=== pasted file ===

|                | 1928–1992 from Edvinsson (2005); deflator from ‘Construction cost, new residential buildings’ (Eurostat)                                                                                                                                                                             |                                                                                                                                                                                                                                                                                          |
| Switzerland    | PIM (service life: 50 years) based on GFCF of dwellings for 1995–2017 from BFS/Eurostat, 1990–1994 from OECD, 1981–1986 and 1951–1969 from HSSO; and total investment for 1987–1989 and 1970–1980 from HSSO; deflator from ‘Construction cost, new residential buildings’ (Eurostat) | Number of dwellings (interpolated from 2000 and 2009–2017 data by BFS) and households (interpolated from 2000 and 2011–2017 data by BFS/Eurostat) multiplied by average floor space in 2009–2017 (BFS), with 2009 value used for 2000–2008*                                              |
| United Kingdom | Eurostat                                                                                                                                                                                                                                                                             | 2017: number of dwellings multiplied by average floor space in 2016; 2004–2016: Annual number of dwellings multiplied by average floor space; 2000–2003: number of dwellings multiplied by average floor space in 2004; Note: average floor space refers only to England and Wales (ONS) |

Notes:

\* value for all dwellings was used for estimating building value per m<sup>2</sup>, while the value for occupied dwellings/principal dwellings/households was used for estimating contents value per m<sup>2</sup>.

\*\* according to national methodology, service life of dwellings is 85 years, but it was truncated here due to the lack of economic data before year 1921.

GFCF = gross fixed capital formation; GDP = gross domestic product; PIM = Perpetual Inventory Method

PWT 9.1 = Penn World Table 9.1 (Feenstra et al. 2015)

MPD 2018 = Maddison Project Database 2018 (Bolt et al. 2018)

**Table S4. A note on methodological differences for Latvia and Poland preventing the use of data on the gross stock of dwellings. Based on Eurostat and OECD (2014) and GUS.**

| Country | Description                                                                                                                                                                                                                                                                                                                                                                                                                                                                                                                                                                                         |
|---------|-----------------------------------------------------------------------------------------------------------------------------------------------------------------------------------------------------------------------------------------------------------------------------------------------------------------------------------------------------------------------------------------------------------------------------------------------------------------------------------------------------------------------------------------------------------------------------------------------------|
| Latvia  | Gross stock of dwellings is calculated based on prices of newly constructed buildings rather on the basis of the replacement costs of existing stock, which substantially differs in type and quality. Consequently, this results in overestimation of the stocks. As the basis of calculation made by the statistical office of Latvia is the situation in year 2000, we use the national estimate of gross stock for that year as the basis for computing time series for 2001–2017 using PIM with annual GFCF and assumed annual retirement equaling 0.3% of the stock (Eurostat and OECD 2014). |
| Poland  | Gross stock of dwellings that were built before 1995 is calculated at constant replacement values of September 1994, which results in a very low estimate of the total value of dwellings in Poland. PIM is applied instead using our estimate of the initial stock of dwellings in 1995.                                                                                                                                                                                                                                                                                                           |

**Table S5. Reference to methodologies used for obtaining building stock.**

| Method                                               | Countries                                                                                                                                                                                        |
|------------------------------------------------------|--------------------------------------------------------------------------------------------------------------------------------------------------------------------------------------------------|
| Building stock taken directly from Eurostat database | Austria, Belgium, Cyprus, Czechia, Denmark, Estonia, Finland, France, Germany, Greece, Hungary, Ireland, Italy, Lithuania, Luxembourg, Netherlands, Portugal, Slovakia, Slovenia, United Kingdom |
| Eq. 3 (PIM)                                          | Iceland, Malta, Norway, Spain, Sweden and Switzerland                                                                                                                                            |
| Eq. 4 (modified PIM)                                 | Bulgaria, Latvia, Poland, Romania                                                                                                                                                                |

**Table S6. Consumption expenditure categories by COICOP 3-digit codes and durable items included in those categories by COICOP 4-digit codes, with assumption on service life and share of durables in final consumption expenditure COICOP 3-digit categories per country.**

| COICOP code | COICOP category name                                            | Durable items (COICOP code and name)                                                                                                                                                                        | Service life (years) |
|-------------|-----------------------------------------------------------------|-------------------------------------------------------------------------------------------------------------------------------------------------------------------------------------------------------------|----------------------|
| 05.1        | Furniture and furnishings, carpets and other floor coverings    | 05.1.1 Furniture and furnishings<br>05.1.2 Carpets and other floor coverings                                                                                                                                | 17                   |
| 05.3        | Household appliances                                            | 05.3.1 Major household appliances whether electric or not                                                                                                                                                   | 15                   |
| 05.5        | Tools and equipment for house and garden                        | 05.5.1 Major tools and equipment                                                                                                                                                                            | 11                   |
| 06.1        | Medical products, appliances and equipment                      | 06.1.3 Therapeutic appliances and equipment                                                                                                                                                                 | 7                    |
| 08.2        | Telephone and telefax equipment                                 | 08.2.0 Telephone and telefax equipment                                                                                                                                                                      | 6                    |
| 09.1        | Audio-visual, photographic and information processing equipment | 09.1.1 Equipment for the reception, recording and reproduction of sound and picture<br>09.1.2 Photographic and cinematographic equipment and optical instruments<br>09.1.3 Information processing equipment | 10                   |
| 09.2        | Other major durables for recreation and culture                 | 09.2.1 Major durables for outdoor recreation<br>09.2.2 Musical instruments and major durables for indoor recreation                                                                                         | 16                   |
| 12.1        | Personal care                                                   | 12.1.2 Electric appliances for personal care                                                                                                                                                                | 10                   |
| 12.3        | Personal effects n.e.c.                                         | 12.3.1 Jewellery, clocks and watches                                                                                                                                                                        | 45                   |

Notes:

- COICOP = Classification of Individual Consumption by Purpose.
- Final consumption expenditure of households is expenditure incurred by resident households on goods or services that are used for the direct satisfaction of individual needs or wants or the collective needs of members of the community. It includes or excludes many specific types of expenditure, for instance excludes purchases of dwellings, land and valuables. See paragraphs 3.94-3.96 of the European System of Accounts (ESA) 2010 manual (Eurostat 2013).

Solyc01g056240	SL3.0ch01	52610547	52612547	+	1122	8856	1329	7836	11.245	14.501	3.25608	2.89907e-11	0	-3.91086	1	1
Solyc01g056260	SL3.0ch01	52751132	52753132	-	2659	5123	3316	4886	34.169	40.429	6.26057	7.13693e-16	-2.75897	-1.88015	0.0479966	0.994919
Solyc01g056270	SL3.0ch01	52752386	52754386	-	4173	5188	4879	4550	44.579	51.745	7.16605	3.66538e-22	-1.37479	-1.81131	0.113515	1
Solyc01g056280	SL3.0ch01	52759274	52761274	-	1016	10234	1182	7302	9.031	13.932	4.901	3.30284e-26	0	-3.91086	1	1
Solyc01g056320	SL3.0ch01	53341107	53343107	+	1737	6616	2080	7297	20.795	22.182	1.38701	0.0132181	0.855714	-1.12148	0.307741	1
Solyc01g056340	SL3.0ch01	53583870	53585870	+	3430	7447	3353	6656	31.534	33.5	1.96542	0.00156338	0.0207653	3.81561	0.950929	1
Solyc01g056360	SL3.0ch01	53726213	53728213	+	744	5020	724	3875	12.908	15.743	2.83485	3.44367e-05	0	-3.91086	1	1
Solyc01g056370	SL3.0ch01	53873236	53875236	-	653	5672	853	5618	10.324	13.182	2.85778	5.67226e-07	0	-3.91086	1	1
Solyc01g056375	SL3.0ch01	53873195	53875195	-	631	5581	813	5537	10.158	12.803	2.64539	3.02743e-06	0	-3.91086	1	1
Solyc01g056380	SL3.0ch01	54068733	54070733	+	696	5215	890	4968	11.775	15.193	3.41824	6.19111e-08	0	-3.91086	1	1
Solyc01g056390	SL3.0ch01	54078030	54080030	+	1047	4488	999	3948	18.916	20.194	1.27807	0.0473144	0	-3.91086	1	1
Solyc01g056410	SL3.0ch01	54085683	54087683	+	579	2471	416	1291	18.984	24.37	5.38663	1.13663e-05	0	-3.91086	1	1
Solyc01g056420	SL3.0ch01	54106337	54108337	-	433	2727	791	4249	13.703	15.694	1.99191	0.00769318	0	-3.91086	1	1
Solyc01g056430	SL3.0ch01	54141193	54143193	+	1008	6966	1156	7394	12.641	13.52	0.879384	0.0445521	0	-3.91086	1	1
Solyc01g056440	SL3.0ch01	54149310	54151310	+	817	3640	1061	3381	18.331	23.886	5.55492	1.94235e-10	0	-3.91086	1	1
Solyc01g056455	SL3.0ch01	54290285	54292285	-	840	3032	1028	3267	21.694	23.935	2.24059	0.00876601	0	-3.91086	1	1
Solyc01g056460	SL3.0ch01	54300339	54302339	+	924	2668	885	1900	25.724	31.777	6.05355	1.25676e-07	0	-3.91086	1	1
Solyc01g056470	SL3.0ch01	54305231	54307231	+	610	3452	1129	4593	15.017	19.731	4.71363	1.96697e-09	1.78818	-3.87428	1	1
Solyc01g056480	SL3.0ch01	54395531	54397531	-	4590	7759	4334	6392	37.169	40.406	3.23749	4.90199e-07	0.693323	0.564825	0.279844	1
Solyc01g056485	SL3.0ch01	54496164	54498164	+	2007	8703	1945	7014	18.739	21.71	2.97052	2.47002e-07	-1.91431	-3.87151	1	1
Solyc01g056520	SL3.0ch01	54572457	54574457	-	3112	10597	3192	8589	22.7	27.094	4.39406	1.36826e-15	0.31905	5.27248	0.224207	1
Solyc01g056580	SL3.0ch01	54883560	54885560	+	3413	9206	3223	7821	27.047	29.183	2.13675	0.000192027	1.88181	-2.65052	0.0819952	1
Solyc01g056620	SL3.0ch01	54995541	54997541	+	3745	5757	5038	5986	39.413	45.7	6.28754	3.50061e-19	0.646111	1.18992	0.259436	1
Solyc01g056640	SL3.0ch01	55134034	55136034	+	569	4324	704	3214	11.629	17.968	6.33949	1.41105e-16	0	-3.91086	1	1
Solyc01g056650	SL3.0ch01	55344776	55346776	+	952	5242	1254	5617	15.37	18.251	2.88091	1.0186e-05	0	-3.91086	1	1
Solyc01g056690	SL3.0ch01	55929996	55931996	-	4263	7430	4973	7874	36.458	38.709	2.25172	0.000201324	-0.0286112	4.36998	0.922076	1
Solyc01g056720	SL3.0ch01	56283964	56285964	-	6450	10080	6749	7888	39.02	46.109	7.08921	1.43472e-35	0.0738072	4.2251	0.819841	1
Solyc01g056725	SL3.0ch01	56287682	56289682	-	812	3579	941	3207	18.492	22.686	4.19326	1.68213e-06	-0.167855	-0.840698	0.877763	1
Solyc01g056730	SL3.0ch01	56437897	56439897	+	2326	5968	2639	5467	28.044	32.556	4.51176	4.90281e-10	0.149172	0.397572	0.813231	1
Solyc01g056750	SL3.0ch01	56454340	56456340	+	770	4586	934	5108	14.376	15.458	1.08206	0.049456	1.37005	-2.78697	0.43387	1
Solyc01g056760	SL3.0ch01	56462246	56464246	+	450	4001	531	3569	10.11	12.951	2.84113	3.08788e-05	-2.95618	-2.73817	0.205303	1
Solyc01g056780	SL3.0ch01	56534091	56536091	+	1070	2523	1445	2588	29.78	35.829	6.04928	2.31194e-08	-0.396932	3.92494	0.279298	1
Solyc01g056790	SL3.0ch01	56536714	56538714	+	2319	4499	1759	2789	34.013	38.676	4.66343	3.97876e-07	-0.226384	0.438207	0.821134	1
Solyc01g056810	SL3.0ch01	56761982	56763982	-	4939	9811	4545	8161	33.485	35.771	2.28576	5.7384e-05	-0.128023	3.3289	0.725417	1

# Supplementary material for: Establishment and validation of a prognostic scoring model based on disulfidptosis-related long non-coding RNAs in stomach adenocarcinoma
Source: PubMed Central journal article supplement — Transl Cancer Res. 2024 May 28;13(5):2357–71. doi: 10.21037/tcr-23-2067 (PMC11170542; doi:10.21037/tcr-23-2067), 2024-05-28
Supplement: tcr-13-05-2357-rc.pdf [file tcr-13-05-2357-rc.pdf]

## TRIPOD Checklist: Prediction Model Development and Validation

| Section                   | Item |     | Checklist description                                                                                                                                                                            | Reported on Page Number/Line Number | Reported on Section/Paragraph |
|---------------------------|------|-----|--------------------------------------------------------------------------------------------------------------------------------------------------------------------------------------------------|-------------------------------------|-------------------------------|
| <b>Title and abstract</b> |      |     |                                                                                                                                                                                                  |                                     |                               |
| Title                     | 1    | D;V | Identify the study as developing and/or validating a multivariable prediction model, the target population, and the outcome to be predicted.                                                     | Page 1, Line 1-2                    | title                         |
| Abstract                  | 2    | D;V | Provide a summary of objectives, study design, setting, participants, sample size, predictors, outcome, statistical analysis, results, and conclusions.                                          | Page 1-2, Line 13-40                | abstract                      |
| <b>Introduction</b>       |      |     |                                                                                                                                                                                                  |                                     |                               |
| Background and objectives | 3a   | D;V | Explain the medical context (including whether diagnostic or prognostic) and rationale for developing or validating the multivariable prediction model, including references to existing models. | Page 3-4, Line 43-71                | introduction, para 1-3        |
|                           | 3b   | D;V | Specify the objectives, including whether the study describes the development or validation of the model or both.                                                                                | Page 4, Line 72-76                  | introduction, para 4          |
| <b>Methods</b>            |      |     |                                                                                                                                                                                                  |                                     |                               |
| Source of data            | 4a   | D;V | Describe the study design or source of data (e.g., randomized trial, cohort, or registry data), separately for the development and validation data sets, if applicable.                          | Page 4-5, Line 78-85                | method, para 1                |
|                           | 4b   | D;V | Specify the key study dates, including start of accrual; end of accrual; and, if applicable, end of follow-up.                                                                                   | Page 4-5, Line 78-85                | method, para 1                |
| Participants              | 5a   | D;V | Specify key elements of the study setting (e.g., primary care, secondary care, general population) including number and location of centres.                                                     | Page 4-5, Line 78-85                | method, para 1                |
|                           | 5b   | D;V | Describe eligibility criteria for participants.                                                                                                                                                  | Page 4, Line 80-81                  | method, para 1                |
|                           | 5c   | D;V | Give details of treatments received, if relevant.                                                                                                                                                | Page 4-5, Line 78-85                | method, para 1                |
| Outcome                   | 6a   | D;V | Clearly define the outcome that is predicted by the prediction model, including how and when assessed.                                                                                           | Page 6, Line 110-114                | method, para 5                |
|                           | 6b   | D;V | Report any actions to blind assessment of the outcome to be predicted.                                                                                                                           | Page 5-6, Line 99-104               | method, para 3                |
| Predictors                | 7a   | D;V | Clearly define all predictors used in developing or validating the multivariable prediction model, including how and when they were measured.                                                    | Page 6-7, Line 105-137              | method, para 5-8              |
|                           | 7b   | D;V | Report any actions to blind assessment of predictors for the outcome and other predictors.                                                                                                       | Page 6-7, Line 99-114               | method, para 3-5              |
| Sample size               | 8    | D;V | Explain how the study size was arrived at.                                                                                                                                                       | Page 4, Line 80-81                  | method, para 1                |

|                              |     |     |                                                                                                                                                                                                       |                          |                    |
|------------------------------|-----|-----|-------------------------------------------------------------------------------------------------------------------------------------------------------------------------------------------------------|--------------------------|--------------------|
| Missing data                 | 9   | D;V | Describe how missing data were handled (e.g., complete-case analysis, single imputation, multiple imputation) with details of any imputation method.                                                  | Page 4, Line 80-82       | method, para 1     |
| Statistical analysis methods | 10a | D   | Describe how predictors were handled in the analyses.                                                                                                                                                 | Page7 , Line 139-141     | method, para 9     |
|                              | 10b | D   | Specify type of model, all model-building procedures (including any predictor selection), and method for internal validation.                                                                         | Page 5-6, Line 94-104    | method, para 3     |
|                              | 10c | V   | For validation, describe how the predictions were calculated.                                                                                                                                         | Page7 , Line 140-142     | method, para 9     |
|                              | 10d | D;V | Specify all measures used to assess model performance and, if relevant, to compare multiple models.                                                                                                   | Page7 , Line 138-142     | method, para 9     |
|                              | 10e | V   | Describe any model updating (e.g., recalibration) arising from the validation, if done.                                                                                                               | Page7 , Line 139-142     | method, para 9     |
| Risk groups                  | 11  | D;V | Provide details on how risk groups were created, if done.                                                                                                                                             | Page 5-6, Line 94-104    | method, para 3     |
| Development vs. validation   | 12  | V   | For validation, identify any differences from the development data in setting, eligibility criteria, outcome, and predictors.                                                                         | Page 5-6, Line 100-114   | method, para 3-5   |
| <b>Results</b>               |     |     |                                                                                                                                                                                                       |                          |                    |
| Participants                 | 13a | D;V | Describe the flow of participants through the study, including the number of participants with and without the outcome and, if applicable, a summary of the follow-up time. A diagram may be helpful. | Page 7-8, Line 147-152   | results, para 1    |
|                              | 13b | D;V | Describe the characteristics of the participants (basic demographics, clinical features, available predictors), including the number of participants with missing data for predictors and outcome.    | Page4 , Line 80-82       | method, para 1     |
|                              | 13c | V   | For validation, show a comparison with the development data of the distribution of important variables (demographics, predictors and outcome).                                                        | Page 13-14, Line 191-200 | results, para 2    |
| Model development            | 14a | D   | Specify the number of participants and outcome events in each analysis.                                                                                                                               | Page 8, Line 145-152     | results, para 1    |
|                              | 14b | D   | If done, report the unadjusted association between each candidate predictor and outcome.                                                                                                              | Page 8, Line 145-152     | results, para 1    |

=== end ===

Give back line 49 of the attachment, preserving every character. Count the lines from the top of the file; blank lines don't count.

Solyc01g056430	SL3.0ch01	54141193	54143193	+	1008	6966	1156	7394	12.641	13.52	0.879384	0.0445521	0	-3.91086	1	1